GSC from our house
This is the the view from our front porch, although it wasn't always so dramatic! The gardens in the foreground are part of the student vegetable garden. The building from left to right are: Staff Administration, Students' Mess, Dormitory 5, Chapel, work shed, Rector's office/rooms, Dormitory 1. This is one of my favourite photos of the College. It seemed to sum up much of the feeling amoungst the staff. Top

GSC from the air
This photo was taken by Jesse and Keren in their helicopter ride. Banz is to the right (in the photo) and the location of the Outstations and the site of Jesse's exciting driving lesson is to the left. See The Location Diagram for a description of all the buildings. Top

GSC from the road
This is the first view of Good Shepherd College as you drive into Fatima off the Banz Highway. This was taken when the road was still unsealed. The village of Fatima is further down the road. Top

GSC from the road
As you walk past Good Shepherd College down toward Fatima, this is what you see of the College. The gardens are in the foreground (at the stage planted with kau kau), Staff House 4 is on the left (which contained the Bursar's office), the chaple roof can be seen in the centre and the big roof on the right is the hall. Top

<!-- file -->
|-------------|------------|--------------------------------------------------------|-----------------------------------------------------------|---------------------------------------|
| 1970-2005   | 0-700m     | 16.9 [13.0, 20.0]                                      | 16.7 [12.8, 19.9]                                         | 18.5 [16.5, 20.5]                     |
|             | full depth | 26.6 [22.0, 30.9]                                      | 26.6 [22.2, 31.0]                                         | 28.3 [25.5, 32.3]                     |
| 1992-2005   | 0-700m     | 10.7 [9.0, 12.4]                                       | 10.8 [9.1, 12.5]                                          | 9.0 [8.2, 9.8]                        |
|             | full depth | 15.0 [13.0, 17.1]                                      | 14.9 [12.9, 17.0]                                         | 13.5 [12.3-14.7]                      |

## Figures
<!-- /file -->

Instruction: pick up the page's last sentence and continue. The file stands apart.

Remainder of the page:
GSC Location Diagram
This is An Aerial View of the College marked up to show all the different locations of the buildings. The buildings of the College are: Student Dormitories, Student Hall, Student Mess, Chapel, Class Rooms, Library, Staff Offices, Rector and Spiritual Director's Residence, Staff Residence, Our Residence, Staff House, Garage. The Basketball court can be seen between the two rows of Student Dormitories and behind the Student Hall; the uncoloured structure between the chapel and the hall is the builders' workshop. I've marked Mt. Sui in green. Mt. Sui was the ridge that the original white men used when they walked into the area in the 1930's (even back then it was recorded as a treeless ridge), and was our first bush walk with Br. Maurice. The boys did it a number of more times, sometimes running it! Top